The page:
Learning from a tragedy

When a beloved second-grade teacher, Kim Baucom Conover, was shot and killed by her estranged husband before he killed himself on April 15, it left many friends and neighbors shocked, saddened, and wondering if anything could have been done to prevent the tragedy.

The murder-suicide also prompted a desire to confront domestic violence, whiach is an ongoing but usually unnoticed problem in Petaluma. Baucom Conover's was the second death related to domestic violence in two years, following that of Buapha Mullennix in early 2010.

"When this first happened with Kim, a lot of people said, (the Fabulous Women) should do an event for her," recalled Krista Gawronski, founder and leader of the Fabulous Women, a group of community-minded women who energetically support various causes around town.

Mrs. Conover's students remember


"But we really wanted to give the family time and space to grieve, do something with their blessing and properly acknowledge their daughter," she said.

So it is that four months later, on Sunday, Aug. 12, the Fabulous Women will host "Let's Face It," an event intended to confront domestic violence head-on in a three-hour program. It will feature speakers like District Attorney Jill Ravitch, a representative of the Sonoma County YWCA, and a survivor of domestic violence.

Gawronski said she hopes the day will be both educational for women around the community and a tribute to Kim Baucom (her friends and family refer to her now by her maiden name), who was a member of the Fabulous Women.

"We're hoping this will be a life-changing day, where we can reinforce to women that they're not alone, that there's resources out there that can change your life," Gawronski said, adding that her group hopes to dispel the stereotype that only a certain sort of woman falls victim to domestic violence, pointing out that strong, independent women also find themselves in such situations.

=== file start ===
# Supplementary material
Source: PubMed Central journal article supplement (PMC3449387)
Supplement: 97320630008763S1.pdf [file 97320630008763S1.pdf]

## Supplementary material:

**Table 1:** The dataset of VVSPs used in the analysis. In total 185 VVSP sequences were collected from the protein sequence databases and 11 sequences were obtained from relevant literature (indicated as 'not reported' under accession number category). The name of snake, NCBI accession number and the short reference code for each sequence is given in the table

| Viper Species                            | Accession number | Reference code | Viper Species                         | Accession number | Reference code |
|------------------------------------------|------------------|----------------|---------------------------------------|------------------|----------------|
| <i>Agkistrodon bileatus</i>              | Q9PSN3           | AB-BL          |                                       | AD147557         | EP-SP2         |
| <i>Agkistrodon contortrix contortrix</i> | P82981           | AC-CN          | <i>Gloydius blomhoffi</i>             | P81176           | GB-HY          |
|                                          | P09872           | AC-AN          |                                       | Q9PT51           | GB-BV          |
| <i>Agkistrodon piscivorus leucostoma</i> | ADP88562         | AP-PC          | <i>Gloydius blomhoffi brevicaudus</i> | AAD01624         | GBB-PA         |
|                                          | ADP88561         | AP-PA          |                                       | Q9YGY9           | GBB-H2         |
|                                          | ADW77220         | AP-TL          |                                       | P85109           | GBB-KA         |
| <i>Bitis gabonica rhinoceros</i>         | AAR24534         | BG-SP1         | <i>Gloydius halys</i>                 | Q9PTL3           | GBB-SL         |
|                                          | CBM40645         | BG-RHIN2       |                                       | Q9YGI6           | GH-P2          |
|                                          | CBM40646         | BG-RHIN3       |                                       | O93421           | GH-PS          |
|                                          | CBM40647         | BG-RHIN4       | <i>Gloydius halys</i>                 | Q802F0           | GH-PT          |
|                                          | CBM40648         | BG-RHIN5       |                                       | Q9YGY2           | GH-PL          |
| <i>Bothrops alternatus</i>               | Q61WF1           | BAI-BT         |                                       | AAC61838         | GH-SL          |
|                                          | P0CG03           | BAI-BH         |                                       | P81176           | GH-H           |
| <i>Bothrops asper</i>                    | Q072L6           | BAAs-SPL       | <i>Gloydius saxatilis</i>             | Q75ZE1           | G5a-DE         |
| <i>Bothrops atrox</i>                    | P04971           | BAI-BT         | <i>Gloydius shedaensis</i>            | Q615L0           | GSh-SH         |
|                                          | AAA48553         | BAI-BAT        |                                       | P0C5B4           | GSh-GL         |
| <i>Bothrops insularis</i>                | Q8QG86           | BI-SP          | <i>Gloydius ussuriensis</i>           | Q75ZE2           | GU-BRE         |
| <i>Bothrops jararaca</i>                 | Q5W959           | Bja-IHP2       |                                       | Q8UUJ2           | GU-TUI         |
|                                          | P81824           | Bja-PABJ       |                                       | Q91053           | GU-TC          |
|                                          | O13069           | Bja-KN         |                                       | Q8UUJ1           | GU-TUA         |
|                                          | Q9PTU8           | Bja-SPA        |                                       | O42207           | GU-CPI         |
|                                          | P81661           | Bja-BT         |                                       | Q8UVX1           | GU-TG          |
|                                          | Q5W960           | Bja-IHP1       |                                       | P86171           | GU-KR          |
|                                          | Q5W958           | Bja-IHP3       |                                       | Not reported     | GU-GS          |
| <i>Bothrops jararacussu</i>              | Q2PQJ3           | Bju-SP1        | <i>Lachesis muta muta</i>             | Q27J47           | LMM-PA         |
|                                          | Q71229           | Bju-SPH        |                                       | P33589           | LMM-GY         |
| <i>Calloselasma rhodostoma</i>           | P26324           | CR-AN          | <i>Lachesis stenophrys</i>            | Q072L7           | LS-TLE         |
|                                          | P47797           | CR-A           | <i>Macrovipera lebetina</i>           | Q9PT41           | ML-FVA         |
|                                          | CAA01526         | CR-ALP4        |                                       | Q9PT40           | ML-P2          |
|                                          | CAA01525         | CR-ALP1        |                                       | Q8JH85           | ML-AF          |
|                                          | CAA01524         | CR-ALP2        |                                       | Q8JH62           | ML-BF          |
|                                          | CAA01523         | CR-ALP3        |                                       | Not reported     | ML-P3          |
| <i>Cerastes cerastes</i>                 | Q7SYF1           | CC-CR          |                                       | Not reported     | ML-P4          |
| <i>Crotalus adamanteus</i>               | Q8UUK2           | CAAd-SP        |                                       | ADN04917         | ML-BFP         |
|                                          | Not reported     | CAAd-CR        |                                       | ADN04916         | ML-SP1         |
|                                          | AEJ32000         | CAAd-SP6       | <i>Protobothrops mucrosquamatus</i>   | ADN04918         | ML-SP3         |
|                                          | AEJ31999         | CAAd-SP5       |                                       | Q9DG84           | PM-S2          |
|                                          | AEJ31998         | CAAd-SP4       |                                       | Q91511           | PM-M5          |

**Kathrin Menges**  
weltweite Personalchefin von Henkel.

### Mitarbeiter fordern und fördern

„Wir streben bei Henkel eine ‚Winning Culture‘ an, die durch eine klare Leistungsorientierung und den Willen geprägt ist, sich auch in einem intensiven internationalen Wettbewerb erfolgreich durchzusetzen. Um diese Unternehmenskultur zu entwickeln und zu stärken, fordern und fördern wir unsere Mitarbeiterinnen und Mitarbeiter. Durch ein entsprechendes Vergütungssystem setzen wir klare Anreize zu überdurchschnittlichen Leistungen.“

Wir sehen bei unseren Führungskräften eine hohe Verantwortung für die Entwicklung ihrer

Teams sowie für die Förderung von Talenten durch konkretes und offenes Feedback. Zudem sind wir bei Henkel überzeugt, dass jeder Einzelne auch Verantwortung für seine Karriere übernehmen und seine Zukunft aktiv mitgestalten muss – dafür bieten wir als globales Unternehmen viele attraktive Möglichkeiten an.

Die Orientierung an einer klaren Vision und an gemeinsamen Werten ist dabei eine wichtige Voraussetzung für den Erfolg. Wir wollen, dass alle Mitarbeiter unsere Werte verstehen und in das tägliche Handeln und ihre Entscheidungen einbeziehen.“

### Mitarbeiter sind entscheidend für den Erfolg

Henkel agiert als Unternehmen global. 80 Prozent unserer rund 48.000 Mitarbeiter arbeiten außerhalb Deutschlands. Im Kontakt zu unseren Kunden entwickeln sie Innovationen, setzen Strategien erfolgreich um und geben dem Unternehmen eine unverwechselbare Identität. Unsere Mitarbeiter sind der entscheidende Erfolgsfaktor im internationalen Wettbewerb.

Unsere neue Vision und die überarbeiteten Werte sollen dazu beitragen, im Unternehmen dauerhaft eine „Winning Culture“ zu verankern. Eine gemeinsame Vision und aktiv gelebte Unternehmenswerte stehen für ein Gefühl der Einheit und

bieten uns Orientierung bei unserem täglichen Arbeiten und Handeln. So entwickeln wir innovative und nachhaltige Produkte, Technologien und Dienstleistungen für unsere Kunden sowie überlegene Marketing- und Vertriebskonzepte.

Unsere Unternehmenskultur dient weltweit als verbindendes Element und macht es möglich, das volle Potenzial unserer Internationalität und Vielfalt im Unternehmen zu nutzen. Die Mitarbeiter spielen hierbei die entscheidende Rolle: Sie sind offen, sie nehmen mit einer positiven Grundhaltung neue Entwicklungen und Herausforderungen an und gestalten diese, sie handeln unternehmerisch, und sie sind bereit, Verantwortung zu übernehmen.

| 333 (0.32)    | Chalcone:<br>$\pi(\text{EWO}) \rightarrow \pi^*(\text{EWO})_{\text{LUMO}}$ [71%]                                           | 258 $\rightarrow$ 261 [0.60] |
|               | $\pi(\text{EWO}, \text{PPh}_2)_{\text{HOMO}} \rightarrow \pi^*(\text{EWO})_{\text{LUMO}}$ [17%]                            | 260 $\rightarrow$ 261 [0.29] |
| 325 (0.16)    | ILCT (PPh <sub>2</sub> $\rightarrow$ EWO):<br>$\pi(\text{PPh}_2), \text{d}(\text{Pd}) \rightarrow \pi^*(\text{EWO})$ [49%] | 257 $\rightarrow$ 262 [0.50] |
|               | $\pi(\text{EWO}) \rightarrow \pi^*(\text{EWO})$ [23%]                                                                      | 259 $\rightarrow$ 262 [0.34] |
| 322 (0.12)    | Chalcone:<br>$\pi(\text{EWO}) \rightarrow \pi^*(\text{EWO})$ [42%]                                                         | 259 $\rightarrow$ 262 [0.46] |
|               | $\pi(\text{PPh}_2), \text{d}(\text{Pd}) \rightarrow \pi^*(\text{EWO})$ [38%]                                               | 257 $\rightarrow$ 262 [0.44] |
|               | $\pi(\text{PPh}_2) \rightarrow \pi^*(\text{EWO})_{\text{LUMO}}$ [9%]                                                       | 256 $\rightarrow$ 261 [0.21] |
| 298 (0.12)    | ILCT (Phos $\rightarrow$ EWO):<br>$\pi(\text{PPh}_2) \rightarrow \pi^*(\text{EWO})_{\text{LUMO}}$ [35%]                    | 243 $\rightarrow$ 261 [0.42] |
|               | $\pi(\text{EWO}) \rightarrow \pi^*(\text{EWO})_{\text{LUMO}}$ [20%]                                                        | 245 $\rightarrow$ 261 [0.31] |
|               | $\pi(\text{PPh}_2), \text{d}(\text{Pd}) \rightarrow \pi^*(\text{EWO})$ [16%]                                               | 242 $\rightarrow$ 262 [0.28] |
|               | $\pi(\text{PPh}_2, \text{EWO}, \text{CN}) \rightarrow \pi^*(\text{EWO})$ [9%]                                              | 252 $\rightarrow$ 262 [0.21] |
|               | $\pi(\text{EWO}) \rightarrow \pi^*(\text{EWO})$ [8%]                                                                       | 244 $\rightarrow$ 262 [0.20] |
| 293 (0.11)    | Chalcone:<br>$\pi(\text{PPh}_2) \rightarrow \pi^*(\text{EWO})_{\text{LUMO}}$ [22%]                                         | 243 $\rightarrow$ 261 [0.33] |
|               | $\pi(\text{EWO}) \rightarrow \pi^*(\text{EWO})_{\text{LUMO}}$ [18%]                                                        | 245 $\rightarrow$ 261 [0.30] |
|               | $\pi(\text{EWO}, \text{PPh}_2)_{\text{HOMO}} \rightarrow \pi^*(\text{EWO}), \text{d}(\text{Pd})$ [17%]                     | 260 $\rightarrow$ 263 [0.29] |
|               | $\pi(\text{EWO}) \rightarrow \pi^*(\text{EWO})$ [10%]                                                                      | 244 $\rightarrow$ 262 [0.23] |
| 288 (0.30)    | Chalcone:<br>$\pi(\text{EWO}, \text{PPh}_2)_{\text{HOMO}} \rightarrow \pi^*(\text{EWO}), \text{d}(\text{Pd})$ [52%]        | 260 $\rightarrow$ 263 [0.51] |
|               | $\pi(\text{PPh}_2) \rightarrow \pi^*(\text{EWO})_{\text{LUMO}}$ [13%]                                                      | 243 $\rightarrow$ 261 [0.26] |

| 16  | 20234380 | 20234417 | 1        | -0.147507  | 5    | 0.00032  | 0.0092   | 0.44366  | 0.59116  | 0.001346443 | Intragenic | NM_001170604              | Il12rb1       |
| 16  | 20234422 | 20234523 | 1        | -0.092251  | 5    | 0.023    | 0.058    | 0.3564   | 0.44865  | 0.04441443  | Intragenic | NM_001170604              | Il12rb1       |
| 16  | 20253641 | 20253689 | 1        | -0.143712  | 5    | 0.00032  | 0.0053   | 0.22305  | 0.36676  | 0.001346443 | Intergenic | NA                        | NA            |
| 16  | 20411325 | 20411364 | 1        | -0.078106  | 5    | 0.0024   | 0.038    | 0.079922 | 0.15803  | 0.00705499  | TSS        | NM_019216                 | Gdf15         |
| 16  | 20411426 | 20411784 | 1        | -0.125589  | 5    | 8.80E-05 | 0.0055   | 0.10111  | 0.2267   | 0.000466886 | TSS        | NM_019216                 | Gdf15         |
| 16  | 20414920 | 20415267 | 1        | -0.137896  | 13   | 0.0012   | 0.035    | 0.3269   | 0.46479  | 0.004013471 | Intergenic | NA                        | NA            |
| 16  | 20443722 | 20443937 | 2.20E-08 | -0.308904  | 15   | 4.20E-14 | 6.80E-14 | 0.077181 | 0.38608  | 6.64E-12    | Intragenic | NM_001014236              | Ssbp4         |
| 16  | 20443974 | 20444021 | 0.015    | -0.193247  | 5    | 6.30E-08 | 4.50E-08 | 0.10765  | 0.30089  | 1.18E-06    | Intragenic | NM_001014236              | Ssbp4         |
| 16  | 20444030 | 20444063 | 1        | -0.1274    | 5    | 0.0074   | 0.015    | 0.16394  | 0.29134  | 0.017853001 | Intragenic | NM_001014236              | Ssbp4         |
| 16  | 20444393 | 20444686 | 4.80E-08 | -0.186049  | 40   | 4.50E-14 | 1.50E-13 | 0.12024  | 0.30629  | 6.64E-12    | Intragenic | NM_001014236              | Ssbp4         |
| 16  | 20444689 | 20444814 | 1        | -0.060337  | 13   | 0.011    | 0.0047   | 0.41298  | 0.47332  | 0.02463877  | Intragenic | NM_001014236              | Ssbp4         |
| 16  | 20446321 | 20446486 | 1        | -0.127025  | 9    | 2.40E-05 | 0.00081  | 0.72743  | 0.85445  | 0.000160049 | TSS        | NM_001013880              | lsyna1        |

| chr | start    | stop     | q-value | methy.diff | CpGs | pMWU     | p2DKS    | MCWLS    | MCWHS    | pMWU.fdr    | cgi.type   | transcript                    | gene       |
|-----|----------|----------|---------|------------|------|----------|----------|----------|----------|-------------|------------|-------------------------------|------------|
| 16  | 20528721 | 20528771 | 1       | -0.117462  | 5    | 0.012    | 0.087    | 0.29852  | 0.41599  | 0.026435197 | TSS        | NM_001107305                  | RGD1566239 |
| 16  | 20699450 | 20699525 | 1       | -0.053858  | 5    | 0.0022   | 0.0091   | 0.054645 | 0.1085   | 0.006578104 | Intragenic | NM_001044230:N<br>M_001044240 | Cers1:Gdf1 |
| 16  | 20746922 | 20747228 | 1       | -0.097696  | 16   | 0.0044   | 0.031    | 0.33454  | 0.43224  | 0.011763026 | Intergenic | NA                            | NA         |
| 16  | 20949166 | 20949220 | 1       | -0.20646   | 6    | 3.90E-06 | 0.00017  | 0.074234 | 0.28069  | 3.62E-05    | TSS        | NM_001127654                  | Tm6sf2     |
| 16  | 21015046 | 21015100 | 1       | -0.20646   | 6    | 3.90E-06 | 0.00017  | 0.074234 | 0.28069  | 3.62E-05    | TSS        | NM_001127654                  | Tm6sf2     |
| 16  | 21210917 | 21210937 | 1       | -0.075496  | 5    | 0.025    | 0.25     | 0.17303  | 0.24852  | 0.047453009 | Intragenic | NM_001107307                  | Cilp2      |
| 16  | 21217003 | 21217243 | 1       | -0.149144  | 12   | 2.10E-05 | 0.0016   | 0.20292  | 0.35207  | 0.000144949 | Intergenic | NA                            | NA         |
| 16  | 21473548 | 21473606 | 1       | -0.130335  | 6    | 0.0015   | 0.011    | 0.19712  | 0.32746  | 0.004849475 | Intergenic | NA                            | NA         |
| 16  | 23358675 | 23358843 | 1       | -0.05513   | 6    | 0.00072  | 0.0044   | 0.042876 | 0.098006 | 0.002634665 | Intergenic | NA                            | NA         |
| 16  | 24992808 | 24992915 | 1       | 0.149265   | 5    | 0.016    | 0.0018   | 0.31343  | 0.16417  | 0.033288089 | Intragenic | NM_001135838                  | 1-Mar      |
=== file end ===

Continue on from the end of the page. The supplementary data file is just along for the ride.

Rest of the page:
"Domestic violence is an ugly thing nobody wants to talk about," Gawronski said, adding that many people don't think they need to learn about it because they don't believe it applies to their lives. "The reality is, maybe you have a friend or colleague in trouble," she said. "We want people to be armed with all this information and know that there are all these fabulous community resources out there."

Those resources include the Sonoma County YWCA, the Family Justice Center and the Petaluma Police Department, all of which will have representatives at the event. Baucom's sister will be there as well, helping to bring the event full circle, Gawronski said.

Current and prospective City Council members have also said they'll attend, along with County Supervisor David Rabbitt, who will say a few words before introducing Ravitch.

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